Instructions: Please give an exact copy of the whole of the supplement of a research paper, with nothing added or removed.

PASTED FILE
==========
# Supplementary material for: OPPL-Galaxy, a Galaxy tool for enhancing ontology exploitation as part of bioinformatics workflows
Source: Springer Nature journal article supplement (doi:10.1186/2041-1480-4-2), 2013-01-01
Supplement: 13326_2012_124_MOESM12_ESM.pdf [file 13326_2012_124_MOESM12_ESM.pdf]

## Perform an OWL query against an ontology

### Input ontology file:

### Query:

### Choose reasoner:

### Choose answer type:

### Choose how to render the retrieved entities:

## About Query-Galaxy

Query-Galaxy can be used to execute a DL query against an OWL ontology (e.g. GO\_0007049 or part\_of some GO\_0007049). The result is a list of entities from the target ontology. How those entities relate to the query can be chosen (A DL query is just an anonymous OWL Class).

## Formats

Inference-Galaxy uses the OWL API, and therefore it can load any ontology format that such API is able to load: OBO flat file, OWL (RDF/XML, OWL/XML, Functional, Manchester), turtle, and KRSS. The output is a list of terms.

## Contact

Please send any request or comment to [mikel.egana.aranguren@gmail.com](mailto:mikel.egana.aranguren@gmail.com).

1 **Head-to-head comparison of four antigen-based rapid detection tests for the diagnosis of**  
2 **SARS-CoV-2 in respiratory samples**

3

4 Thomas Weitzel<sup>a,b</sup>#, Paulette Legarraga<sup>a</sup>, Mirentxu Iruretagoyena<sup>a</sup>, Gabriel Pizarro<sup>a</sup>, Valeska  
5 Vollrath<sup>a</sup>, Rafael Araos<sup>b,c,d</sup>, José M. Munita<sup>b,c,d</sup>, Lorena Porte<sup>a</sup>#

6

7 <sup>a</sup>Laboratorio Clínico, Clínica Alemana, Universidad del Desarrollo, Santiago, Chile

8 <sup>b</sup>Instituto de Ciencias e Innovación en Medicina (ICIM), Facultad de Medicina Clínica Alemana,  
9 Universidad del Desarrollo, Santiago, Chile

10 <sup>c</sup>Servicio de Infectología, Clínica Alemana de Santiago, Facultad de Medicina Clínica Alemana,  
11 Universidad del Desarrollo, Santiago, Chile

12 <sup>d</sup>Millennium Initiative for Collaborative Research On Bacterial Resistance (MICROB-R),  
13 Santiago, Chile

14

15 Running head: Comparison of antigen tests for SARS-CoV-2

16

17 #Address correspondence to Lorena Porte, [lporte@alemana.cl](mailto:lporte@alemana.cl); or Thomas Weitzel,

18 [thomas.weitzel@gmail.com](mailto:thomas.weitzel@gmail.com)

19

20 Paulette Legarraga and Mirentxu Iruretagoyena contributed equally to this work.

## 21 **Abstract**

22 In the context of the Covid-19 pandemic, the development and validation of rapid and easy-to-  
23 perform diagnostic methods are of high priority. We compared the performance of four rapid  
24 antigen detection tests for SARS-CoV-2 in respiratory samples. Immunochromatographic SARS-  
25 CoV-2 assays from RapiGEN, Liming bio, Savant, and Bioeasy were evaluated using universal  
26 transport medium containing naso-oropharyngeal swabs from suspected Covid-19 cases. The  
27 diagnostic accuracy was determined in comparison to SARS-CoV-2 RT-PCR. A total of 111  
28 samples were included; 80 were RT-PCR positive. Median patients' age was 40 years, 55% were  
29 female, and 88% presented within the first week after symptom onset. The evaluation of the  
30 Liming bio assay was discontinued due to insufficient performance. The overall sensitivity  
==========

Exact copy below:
# Supplementary material for: OPPL-Galaxy, a Galaxy tool for enhancing ontology exploitation as part of bioinformatics workflows
Source: Springer Nature journal article supplement (doi:10.1186/2041-1480-4-2), 2013-01-01
Supplement: 13326_2012_124_MOESM12_ESM.pdf [file 13326_2012_124_MOESM12_ESM.pdf]

## Perform an OWL query against an ontology

### Input ontology file:

### Query:

### Choose reasoner:

### Choose answer type:

### Choose how to render the retrieved entities:

## About Query-Galaxy

Query-Galaxy can be used to execute a DL query against an OWL ontology (e.g. GO\_0007049 or part\_of some GO\_0007049). The result is a list of entities from the target ontology. How those entities relate to the query can be chosen (A DL query is just an anonymous OWL Class).

## Formats

Inference-Galaxy uses the OWL API, and therefore it can load any ontology format that such API is able to load: OBO flat file, OWL (RDF/XML, OWL/XML, Functional, Manchester), turtle, and KRSS. The output is a list of terms.

## Contact

Please send any request or comment to [mikel.egana.aranguren@gmail.com](mailto:mikel.egana.aranguren@gmail.com).

1 **Head-to-head comparison of four antigen-based rapid detection tests for the diagnosis of**  
2 **SARS-CoV-2 in respiratory samples**

3

4 Thomas Weitzel<sup>a,b</sup>#, Paulette Legarraga<sup>a</sup>, Mirentxu Iruretagoyena<sup>a</sup>, Gabriel Pizarro<sup>a</sup>, Valeska  
5 Vollrath<sup>a</sup>, Rafael Araos<sup>b,c,d</sup>, José M. Munita<sup>b,c,d</sup>, Lorena Porte<sup>a</sup>#

6

7 <sup>a</sup>Laboratorio Clínico, Clínica Alemana, Universidad del Desarrollo, Santiago, Chile

8 <sup>b</sup>Instituto de Ciencias e Innovación en Medicina (ICIM), Facultad de Medicina Clínica Alemana,  
9 Universidad del Desarrollo, Santiago, Chile

10 <sup>c</sup>Servicio de Infectología, Clínica Alemana de Santiago, Facultad de Medicina Clínica Alemana,  
11 Universidad del Desarrollo, Santiago, Chile

12 <sup>d</sup>Millennium Initiative for Collaborative Research On Bacterial Resistance (MICROB-R),  
13 Santiago, Chile

14

15 Running head: Comparison of antigen tests for SARS-CoV-2

16

17 #Address correspondence to Lorena Porte, [lporte@alemana.cl](mailto:lporte@alemana.cl); or Thomas Weitzel,

18 [thomas.weitzel@gmail.com](mailto:thomas.weitzel@gmail.com)

19

20 Paulette Legarraga and Mirentxu Iruretagoyena contributed equally to this work.

## 21 **Abstract**

22 In the context of the Covid-19 pandemic, the development and validation of rapid and easy-to-  
23 perform diagnostic methods are of high priority. We compared the performance of four rapid  
24 antigen detection tests for SARS-CoV-2 in respiratory samples. Immunochromatographic SARS-  
25 CoV-2 assays from RapiGEN, Liming bio, Savant, and Bioeasy were evaluated using universal  
26 transport medium containing naso-oropharyngeal swabs from suspected Covid-19 cases. The  
27 diagnostic accuracy was determined in comparison to SARS-CoV-2 RT-PCR. A total of 111  
28 samples were included; 80 were RT-PCR positive. Median patients' age was 40 years, 55% were  
29 female, and 88% presented within the first week after symptom onset. The evaluation of the  
30 Liming bio assay was discontinued due to insufficient performance. The overall sensitivity  